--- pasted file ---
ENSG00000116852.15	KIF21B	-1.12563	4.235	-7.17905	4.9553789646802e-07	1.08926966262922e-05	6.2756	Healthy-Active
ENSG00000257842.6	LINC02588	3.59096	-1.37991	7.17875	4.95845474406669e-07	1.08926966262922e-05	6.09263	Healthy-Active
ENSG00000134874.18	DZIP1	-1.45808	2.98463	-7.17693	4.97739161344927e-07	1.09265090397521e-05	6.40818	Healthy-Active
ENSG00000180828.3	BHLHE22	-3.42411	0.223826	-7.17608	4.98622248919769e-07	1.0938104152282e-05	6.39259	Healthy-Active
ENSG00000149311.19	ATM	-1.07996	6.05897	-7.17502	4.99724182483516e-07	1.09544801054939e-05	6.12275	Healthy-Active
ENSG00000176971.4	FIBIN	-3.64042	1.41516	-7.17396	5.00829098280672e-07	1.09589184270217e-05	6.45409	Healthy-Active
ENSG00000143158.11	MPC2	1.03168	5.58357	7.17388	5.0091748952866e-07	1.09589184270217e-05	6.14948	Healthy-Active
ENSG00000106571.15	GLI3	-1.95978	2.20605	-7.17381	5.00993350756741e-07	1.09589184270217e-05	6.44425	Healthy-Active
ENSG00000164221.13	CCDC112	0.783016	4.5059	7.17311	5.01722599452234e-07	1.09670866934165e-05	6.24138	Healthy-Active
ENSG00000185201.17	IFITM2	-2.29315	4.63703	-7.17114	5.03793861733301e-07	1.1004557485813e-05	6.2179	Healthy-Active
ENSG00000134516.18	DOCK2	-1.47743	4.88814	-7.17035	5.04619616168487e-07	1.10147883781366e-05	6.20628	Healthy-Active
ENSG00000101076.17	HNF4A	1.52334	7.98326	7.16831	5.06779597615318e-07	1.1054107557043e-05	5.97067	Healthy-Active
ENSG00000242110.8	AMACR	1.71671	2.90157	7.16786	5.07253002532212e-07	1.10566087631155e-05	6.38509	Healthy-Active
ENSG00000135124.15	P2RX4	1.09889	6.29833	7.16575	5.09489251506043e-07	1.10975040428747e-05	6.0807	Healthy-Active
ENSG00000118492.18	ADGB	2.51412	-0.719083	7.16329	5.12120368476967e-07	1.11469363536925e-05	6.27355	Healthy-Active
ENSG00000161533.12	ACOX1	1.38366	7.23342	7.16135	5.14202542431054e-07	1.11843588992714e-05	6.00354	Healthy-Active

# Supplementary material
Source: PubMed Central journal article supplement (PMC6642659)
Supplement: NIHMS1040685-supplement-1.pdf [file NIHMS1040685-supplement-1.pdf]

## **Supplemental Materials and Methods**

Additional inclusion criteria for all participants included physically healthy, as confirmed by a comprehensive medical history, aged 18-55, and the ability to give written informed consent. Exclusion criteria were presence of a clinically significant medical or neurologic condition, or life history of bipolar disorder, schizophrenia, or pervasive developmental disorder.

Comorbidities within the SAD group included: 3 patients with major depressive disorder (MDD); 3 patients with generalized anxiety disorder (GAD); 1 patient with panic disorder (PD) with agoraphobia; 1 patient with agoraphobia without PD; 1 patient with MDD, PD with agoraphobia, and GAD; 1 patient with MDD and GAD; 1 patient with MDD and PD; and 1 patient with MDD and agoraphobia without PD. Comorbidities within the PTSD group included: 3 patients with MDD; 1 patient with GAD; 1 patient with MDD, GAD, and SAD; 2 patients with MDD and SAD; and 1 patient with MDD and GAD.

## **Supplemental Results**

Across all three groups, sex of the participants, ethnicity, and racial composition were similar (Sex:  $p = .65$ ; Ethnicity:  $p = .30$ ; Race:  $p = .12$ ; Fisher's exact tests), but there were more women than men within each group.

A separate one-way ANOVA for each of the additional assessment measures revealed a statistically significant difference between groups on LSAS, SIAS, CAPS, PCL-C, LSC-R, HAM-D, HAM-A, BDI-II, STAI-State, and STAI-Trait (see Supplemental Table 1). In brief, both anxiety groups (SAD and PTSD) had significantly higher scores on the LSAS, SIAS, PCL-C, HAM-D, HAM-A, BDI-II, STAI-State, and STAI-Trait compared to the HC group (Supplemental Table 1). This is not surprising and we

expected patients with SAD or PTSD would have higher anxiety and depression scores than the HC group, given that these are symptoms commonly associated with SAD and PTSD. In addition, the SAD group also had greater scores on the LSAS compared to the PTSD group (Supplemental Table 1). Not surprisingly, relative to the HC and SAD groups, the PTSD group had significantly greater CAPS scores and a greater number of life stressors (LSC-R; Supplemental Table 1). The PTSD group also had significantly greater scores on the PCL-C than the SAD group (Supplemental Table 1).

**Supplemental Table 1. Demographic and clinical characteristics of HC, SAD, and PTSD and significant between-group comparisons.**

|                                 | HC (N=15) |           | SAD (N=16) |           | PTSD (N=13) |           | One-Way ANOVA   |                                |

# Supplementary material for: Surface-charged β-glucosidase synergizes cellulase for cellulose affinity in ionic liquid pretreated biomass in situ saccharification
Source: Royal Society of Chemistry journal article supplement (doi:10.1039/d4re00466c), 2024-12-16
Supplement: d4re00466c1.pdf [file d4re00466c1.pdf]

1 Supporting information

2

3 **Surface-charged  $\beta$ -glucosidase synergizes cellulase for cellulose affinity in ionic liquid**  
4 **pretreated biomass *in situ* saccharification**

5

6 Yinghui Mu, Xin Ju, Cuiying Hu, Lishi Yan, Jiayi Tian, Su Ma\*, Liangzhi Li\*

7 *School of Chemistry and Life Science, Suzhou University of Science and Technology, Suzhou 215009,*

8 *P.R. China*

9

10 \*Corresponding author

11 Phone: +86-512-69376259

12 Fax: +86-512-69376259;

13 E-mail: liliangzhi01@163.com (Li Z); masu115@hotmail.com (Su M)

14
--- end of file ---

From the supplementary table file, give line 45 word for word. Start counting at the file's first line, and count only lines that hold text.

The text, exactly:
14